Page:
Genetics and personalized medicine

On the other extreme of the health strategy continuum, the most escalated level of personalized medicine is linked to the human genome mapping that is expected to result in a substantially enhanced ability to assess health risk and damage of individuals based on their exposure to risk agents and their differential susceptibility and resilience to such agents (Kumar et al., 2015). However, human genome sequencing still faces some relevant scientific challenges for real-world medical applications such as those related to the number of DNA sequence variants and the delineation of the novel molecular pathways involved in the pathogenesis of the phenotype (Marian, 2012). Also, a number of moral and ethical issues have been raised from a variety of scientific, medical, and social sectors, regarding, for example, data sharing and protection of DNA databases, the potential genetic manipulation for non-medical reasons, the regulation on the acquisition and use of genetic information, mandatory genetic screening, and genotype-based discrimination in health insurance (Carroll and Ciaffa, 2003). Another issue is that the identified causal mechanisms or pathways are not homogeneous across individuals, and their average profile may not be actually representative for any individual; also, in the case of non-infectious diseases, most risk factors are associated with rather low positive predictive values (Rockhill, 2005).

The challenges faced by the P4-predictive, preventive, personalized, and participatory-medicine seem to be both economic and related to the integration of the population approach into science, practice, and health policies addressing the four components. The current practice of medicine is already conducted in a personalized manner, in most cases for the differential gender, age, and race characteristics, and some other clinical factors, and practice is also expected to be evidence based, yet P4 medicine could provide and implement novel personalized diagnostic and therapeutic applications. Although a large variety of challenges of scientific nature related, for example, to the understanding of underlying biological pathways and molecular networks, and the identification of biomarkers still remain, the operational and the economic aspects of the implementation of personalized medicine seem to be equally challenging. Major issues include addressing the balance between the patient’s clinical merit for and benefit from biomarker-based diagnostics and treatment and the assessment of the aggregate population cost; establishing healthcare standards; and data security and mining. The participatory component of personalization requires understanding and integrating the social and behavioural elements involved in individual decision making already during the development of a new application.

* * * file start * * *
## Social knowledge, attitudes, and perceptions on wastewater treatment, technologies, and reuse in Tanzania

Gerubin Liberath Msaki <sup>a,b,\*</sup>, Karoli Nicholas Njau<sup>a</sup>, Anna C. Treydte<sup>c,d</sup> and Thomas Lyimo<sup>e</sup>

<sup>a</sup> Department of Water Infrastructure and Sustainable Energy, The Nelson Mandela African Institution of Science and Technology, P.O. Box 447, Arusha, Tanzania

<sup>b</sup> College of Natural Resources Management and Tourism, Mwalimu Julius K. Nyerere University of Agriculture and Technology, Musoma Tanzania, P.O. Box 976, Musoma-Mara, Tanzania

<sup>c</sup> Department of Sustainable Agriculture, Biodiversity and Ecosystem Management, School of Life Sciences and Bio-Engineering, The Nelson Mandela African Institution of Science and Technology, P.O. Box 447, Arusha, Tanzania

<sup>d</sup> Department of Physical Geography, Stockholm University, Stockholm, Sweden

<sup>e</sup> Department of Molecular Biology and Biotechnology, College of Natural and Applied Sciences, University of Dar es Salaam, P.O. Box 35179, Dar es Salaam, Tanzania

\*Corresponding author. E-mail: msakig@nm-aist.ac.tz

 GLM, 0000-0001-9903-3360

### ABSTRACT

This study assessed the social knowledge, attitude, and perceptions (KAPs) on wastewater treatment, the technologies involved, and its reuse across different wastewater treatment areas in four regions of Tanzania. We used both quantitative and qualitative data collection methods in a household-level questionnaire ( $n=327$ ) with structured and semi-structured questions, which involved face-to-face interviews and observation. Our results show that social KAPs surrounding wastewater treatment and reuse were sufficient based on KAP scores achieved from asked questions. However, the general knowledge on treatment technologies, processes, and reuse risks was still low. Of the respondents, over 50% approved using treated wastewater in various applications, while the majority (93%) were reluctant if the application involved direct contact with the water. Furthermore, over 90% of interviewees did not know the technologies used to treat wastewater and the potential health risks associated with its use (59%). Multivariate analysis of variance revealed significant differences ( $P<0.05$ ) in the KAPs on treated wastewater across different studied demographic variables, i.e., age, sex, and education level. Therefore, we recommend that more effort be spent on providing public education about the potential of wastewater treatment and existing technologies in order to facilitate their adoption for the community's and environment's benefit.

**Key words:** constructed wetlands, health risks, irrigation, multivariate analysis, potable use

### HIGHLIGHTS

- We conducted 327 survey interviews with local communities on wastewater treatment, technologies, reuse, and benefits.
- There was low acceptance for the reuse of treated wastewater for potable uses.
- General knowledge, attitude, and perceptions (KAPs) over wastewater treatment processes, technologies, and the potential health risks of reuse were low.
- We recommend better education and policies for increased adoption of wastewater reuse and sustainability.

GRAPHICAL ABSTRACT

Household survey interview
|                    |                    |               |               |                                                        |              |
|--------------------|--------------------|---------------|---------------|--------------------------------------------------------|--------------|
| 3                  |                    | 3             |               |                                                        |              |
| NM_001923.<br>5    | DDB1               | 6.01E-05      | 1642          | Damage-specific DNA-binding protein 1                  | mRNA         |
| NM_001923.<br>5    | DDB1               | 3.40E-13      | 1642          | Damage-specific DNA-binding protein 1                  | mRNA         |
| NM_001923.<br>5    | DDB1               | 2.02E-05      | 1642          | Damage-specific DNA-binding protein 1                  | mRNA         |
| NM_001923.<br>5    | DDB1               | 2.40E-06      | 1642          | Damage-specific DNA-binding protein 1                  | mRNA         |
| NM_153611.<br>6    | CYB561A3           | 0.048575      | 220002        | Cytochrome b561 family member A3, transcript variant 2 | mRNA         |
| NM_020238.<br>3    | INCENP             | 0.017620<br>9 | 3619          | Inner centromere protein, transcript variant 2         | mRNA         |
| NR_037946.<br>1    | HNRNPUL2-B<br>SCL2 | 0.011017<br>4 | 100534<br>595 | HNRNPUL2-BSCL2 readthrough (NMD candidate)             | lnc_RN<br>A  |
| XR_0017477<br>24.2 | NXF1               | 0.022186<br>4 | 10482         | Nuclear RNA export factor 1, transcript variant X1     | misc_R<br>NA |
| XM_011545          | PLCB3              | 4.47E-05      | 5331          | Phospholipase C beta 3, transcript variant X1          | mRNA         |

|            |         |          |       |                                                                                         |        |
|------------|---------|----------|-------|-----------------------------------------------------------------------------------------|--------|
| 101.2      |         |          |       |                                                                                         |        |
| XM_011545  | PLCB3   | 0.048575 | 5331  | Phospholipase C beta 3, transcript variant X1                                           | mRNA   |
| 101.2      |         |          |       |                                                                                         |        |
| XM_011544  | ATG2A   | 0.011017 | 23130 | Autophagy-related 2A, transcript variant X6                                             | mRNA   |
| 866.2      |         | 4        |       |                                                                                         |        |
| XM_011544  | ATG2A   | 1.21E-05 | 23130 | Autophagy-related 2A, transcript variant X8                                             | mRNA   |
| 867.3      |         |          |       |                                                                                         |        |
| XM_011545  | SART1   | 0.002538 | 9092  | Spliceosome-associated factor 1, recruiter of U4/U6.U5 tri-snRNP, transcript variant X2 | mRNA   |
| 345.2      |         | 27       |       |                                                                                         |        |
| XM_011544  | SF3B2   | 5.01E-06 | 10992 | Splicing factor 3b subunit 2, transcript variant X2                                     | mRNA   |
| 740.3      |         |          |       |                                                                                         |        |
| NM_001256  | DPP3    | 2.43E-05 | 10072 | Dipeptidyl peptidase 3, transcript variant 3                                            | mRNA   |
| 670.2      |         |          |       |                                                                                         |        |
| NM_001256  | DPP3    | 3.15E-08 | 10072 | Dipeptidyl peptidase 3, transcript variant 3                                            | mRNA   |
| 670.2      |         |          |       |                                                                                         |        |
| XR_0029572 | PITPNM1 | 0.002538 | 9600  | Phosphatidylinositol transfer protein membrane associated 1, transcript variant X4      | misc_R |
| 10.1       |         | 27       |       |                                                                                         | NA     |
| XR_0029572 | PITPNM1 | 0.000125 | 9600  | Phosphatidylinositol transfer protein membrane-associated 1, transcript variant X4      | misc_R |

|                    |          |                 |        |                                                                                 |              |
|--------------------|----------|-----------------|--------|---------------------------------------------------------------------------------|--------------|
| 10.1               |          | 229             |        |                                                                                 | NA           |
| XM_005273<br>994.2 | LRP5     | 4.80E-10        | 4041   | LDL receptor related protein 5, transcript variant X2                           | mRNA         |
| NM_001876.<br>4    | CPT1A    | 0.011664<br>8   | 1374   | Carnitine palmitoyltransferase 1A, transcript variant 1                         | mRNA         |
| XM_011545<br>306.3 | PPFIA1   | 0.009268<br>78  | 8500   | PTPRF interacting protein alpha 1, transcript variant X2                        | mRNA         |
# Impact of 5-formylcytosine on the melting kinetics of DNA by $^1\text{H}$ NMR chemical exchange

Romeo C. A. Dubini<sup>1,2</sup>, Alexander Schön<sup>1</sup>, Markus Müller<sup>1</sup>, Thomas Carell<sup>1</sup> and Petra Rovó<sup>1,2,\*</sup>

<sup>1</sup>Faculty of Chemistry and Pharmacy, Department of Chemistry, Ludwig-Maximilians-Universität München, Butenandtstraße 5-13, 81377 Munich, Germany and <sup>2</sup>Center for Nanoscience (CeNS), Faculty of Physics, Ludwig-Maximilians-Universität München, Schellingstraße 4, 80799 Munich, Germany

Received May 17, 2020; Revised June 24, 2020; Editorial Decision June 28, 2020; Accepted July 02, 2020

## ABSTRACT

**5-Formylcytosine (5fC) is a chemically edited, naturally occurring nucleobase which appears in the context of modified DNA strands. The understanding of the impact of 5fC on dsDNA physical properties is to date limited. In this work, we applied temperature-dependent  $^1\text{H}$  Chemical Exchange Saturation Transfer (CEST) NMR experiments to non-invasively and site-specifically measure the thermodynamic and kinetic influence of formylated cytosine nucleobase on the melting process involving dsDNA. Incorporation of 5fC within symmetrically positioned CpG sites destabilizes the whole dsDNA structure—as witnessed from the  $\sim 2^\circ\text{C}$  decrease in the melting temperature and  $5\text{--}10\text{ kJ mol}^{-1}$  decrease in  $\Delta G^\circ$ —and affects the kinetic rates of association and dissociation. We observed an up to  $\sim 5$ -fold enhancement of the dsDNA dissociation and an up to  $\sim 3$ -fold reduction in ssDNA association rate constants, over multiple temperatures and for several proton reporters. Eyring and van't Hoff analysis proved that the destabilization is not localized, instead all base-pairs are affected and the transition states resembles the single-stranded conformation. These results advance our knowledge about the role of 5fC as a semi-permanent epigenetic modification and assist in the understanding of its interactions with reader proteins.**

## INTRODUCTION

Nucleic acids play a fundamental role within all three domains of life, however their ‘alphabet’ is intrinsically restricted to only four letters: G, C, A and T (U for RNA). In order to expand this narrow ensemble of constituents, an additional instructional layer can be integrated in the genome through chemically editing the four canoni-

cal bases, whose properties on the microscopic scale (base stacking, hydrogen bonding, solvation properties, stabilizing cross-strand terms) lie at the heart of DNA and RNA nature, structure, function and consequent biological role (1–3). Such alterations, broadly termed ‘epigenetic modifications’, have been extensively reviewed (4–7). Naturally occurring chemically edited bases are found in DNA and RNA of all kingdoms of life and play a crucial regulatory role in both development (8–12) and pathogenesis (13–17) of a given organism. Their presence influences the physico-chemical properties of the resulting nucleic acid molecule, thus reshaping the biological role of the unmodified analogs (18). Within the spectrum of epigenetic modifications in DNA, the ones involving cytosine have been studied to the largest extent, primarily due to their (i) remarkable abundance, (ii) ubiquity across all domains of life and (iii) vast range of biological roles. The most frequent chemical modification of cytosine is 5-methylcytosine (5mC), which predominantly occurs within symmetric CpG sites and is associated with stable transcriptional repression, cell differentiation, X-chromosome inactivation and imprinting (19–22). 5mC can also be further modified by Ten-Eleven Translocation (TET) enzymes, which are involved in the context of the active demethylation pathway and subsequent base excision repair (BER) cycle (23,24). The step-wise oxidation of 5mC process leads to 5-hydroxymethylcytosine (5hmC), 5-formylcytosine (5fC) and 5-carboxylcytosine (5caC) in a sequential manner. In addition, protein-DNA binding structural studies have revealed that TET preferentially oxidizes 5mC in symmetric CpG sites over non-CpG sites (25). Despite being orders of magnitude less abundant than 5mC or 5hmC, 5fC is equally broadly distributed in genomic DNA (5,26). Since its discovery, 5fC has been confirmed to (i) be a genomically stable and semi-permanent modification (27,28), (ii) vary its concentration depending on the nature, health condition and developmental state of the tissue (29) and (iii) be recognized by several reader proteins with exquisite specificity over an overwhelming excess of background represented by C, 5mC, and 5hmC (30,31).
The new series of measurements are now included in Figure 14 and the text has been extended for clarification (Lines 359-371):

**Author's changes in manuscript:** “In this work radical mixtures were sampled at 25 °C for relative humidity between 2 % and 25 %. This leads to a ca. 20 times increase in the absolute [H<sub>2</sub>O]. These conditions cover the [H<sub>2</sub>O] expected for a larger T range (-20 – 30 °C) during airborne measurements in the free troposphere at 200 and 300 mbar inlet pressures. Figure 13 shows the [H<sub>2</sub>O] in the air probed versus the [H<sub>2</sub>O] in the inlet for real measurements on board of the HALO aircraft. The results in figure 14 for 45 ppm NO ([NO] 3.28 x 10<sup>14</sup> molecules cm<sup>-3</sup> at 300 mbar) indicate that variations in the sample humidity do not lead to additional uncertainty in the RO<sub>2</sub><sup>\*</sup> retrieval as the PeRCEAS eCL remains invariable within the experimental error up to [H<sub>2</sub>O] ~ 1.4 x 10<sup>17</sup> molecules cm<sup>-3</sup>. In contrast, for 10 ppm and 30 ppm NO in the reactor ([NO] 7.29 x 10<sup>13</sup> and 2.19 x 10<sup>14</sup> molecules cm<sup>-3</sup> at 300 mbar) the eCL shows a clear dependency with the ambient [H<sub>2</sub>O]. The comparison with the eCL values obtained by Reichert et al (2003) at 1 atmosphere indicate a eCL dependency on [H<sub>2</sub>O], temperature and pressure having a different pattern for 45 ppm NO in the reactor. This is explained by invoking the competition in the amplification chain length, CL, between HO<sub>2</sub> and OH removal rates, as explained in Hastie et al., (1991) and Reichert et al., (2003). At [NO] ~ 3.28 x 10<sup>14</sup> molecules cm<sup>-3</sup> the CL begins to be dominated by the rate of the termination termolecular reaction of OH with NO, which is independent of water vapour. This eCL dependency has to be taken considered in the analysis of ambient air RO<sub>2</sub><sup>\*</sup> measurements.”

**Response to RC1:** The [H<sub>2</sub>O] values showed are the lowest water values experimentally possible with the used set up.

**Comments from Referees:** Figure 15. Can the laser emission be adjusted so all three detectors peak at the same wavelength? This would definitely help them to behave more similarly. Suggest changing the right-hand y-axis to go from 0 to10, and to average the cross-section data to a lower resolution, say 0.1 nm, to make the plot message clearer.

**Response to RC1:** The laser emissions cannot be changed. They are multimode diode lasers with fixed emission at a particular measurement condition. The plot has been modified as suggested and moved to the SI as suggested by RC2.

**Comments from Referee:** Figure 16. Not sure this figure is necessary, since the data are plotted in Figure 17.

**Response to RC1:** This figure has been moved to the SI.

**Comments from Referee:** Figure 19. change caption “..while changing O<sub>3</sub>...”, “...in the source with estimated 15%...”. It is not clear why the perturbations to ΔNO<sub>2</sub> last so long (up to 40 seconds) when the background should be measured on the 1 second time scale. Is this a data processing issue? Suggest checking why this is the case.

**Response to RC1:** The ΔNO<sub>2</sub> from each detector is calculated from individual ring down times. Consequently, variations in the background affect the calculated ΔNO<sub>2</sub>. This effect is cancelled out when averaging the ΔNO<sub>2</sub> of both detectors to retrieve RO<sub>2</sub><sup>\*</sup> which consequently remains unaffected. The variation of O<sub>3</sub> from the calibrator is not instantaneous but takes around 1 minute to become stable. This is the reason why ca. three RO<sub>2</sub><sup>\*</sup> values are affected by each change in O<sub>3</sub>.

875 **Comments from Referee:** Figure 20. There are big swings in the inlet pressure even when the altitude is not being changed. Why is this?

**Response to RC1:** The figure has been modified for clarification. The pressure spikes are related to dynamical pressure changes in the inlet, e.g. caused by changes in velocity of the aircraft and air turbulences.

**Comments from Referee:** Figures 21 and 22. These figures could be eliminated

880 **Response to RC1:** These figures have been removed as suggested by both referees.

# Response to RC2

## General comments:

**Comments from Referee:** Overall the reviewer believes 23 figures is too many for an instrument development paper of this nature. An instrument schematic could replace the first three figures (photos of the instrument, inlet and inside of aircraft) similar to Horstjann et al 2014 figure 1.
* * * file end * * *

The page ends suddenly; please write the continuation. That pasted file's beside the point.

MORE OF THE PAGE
Regarding the potential to integrate genetic variations into the prevention strategies for addictive substance use and behaviours, one issue is that genes that potentially modulate the variation in the risk for addictive substance use are not substance- specific (Li & Burmeister, 2009). Relevant evidence indicates that many genetic factors influencing addiction to different substances are shared, and these shared genetic pathways seem to be also involved in other psychological constructs such as impulsiv- ity and compulsivity (Koob & Volkow, 2010). Genetic influences significantly overlap across alcohol, nicotine, and illegal drugs, and also across addictive substance use and other externalizing behaviour conditions (Agrawal et al., 2012). As for illegal substances, significant proportions of genetic influence on addiction to a variety of these substances could be attributed to a common genetic vulnerability (Kendler et al., 2003). In addition, comorbidity across addictions and also between addictions and other mental illnesses is partially owing to genetic factors (see Box 5.5).

Box 5.5 Genetic research is essential for high-risk approaches

Despite the current difficulties to integrate findings on genetic susceptibility to addictive substances and behaviours into an optimised delivery of effective preventive interventions in public health, genetic research is essential to improve treatment approaches for the group of high-risk individuals whose substance use and behaviour problems persist despite the environmental and structural changes, and even specialized treatment.

 
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